Three youth prisons closed, but there is still work to be doneElizabeth Clarke, president and founder of the Juvenile Justice Initiative, said neither probation caseloads nor cases going to court went up, and the state has even been able to close three youth prisons, although Clarke said there is still work to be done. “As you raise the age, it tends to benefit kids who are white and middle-class, and you’re left with even more profound racial disparities,” Clarke explained. “We need to look at these, and understand that we can do better.” Clarke added diversion programs in the juvenile justice system are far more effective at reducing the chances of recidivism than youth incarceration. She hopes Illinois will continue on this trajectory, and raise the age to 19 or 21.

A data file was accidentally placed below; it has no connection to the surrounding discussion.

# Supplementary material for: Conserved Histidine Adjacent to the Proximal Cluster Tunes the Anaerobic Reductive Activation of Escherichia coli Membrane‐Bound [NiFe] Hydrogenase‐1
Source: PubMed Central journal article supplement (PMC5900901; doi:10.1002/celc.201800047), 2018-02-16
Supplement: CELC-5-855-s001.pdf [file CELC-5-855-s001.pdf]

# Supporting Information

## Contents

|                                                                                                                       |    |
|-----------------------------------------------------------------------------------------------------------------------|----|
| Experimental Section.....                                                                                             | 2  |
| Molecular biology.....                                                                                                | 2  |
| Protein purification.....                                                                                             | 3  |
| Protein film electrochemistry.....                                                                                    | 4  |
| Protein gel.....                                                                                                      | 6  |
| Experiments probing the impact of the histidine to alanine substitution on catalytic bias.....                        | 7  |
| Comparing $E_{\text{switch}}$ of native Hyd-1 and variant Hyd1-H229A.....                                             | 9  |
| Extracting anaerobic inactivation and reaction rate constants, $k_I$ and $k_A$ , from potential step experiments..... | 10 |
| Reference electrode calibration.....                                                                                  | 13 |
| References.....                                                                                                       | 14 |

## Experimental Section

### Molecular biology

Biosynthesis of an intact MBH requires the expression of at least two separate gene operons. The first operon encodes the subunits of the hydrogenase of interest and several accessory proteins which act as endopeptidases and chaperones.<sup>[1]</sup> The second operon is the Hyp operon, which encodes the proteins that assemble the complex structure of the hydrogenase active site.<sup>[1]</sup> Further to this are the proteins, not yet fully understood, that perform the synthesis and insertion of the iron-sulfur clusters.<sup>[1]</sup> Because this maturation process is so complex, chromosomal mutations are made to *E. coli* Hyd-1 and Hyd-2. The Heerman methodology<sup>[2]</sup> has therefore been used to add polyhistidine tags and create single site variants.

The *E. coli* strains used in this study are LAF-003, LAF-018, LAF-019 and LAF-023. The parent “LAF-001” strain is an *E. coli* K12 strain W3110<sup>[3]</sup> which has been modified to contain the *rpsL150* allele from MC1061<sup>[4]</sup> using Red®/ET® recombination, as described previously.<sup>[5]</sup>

Criminal justice reformers working to raise age of criminal responsibilityMarcy Mistrett, senior fellow at The Sentencing Project and the report’s author, noted advocates in several states are working to raise the age of criminal responsibility even higher than 18. In Vermont, for instance, it is 19. Mistrett confirmed research has shown young people’s brains are still developing until roughly age 25. “With those emerging adults, we need to understand that young people are still very impulsive,” Mistrett urged. “They’re still growing, they’re still maturing, and they should get some of these protections extended to them.” The report showed Georgia, Texas, and Wisconsin are the only remaining states to automatically treat 17-year-olds as adults when they’re arrested. Nationally, the report demonstrated nearly 100,000 young people have entered the juvenile system because of raise-the-age laws. It recommended states and municipalities invest in community-based services rather than incarceration. Reporting by Lily Bohlke
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